Daniel A. P. Murray – A Legacy of Collecting Black History

Daniel A. P. Murray (1853-1925). Photographer unknown. Photograph, undated.

As Black History Month 2022 comes to a close, we are reminded of the many contributions of Library of Congress staffers over the years who have worked to collect, preserve, and share an American story that also includes the broad experiences and contributions of African Americans. Black History Month itself has its origins with the efforts of noted historian Dr. Carter G. Woodson, known as the “Father of Black History,” who in 1926 began a week-long celebration in February to highlight the achievements of African Americans. Pioneering author and historian, Daniel A. P. Murray could very well be considered the father of Black history at the Library of Congress, for his influential work over his 51-year career, beginning in 1871, to include materials that document the stories and contributions of African Americans.

In 1871, Daniel A. P. Murray was only the second Black employee of the Library, yet after 10 years became assistant Librarian. Check out these Library resources to learn more about Murray and his trailblazing contributions:

Murray’s legacy lives on through those who are and have been committed to diversity within the Library’s collections over the years. The current multi-year Of the People: Widening the Path initiative brings this commitment again to the forefront with programs to enhance and support diverse and inclusive participation in the creation and perpetuation of the nation’s historical and creative record. The work continues.

2 Comments

  1. Alison Noyes
    February 28, 2022 at 5:10 pm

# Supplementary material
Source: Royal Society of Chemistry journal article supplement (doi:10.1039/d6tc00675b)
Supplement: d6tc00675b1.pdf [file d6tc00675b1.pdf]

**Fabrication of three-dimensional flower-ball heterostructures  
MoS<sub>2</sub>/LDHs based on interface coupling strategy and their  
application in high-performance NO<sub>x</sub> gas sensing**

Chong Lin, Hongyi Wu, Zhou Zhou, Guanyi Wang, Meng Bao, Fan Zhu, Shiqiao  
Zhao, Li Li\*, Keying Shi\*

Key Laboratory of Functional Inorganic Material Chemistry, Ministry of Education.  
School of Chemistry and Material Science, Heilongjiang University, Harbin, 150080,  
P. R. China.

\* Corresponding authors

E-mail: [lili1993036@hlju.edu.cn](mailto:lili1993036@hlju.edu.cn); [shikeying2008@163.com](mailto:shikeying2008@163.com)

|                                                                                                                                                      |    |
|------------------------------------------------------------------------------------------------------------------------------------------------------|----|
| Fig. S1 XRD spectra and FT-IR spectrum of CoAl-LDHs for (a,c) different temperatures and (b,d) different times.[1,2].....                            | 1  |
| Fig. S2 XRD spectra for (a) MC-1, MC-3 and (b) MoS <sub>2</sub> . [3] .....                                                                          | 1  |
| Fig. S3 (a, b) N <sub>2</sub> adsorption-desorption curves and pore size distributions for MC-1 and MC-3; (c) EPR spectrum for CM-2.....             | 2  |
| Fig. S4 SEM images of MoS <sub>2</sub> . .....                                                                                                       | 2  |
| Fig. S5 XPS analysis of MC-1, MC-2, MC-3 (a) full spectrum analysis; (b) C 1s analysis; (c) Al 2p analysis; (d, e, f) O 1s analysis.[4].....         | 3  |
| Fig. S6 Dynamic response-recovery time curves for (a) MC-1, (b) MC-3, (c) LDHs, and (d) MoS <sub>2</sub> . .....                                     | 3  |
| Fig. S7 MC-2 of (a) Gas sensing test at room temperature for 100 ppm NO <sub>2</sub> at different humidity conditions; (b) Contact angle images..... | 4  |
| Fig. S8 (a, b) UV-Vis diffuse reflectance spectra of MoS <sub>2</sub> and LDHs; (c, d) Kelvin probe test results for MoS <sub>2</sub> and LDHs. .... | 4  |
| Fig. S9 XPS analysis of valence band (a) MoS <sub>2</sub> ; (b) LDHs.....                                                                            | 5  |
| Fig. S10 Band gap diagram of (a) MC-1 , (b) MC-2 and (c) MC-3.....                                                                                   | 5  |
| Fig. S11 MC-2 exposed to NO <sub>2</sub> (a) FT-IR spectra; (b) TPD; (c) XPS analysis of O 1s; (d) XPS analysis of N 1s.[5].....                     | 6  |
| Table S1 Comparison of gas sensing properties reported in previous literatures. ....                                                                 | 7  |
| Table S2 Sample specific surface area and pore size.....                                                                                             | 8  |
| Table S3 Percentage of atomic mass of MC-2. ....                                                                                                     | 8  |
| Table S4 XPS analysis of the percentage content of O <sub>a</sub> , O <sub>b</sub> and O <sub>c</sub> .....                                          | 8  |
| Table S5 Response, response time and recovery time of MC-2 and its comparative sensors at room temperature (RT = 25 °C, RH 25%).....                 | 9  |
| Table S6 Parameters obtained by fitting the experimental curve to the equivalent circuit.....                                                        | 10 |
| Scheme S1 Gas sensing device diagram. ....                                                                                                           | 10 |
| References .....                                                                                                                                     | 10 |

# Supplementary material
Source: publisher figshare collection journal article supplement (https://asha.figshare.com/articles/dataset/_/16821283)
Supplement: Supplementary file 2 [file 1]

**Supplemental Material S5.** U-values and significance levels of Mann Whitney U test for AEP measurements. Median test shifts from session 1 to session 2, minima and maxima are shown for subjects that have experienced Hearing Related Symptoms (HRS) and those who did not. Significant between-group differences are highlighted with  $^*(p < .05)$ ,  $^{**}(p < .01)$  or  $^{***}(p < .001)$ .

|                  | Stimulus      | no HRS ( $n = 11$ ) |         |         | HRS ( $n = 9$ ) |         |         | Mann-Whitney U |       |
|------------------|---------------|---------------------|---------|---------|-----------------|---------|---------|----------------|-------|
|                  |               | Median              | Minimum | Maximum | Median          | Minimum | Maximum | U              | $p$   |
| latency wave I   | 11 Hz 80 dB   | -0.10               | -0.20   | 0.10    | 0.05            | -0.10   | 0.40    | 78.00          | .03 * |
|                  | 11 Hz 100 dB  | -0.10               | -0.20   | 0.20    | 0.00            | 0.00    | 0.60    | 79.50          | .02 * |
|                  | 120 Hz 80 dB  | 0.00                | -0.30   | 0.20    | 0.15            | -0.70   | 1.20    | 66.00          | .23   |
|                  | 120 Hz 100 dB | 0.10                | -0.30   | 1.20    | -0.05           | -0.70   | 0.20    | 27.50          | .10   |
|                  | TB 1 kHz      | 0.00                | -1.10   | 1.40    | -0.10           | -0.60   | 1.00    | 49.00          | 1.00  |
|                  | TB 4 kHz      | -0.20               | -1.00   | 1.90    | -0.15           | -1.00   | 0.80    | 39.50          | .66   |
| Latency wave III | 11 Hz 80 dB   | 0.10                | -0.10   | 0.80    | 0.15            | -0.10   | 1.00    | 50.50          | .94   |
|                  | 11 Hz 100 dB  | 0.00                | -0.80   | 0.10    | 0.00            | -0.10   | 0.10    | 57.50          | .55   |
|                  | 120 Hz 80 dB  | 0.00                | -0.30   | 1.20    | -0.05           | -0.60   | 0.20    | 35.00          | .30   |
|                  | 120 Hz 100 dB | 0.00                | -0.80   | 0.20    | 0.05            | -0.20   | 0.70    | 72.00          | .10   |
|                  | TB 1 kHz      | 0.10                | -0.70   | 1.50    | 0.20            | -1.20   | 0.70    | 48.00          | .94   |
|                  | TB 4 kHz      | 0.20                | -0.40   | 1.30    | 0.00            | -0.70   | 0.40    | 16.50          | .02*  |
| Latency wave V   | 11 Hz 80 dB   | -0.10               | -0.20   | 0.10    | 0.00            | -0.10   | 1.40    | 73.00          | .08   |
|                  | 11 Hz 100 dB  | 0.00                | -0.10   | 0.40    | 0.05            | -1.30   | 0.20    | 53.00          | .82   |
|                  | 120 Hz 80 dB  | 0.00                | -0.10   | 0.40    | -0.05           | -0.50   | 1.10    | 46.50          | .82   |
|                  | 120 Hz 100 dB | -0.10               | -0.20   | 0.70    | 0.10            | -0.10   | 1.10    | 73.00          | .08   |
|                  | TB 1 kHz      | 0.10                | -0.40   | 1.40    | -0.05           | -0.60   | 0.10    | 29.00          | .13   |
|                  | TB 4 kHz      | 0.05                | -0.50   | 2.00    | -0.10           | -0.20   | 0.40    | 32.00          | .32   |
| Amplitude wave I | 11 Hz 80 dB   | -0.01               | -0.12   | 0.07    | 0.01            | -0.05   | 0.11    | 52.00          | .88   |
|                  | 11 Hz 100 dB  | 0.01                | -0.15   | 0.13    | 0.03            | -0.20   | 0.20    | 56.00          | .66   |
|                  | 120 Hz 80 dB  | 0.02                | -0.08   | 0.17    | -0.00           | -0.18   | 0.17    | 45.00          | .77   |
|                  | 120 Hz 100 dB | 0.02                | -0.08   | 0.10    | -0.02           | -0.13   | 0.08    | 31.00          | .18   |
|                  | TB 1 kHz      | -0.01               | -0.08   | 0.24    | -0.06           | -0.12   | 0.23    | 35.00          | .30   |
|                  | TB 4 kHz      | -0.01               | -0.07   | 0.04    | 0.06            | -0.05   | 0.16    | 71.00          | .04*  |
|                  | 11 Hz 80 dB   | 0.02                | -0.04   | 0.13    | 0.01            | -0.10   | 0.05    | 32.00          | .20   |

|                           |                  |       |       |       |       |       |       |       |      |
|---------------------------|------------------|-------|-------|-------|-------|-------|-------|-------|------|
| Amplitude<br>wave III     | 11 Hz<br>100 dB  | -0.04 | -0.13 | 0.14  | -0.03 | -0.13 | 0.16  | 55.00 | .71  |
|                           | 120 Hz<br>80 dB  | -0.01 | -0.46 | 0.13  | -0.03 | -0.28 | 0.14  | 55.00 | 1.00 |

What a record of service: 51 years at the Library and 41 years as Assistant Librarian. The description of his title impressed me and sent me to the links to find out more about his role. However, it was chastening to read this Q and A, from the ‘Inquiring Minds: Author Tells Story of Black Elite Through Library’s Daniel Murray’ article:

    Q: “In 1897, Murray experienced a setback in his Library of Congress career. What happened and why?

    A: “Just two months after being named to helm the new Division of Periodicals, Murray was demoted and reassigned to his former position by newly appointed Librarian of Congress John Young. The reason given was “friction incident to caste.” Murray’s humiliation was exacerbated by a substantial drop in salary. He complained that his pay was now lower than that of others with similar duties. This injustice was ignored, and Murray’s salary never rose for the remainder of his tenure.”

    • Lola Pyne
      March 1, 2022 at 1:32 pm

      That’s correct. Murray served in various roles throughout his 51-year career at the Library, and, as noted in the Inquiring Minds blog cited, he suffered injustices as well. Thanks for the note and this post is now updated with respect to the time spent in these roles.

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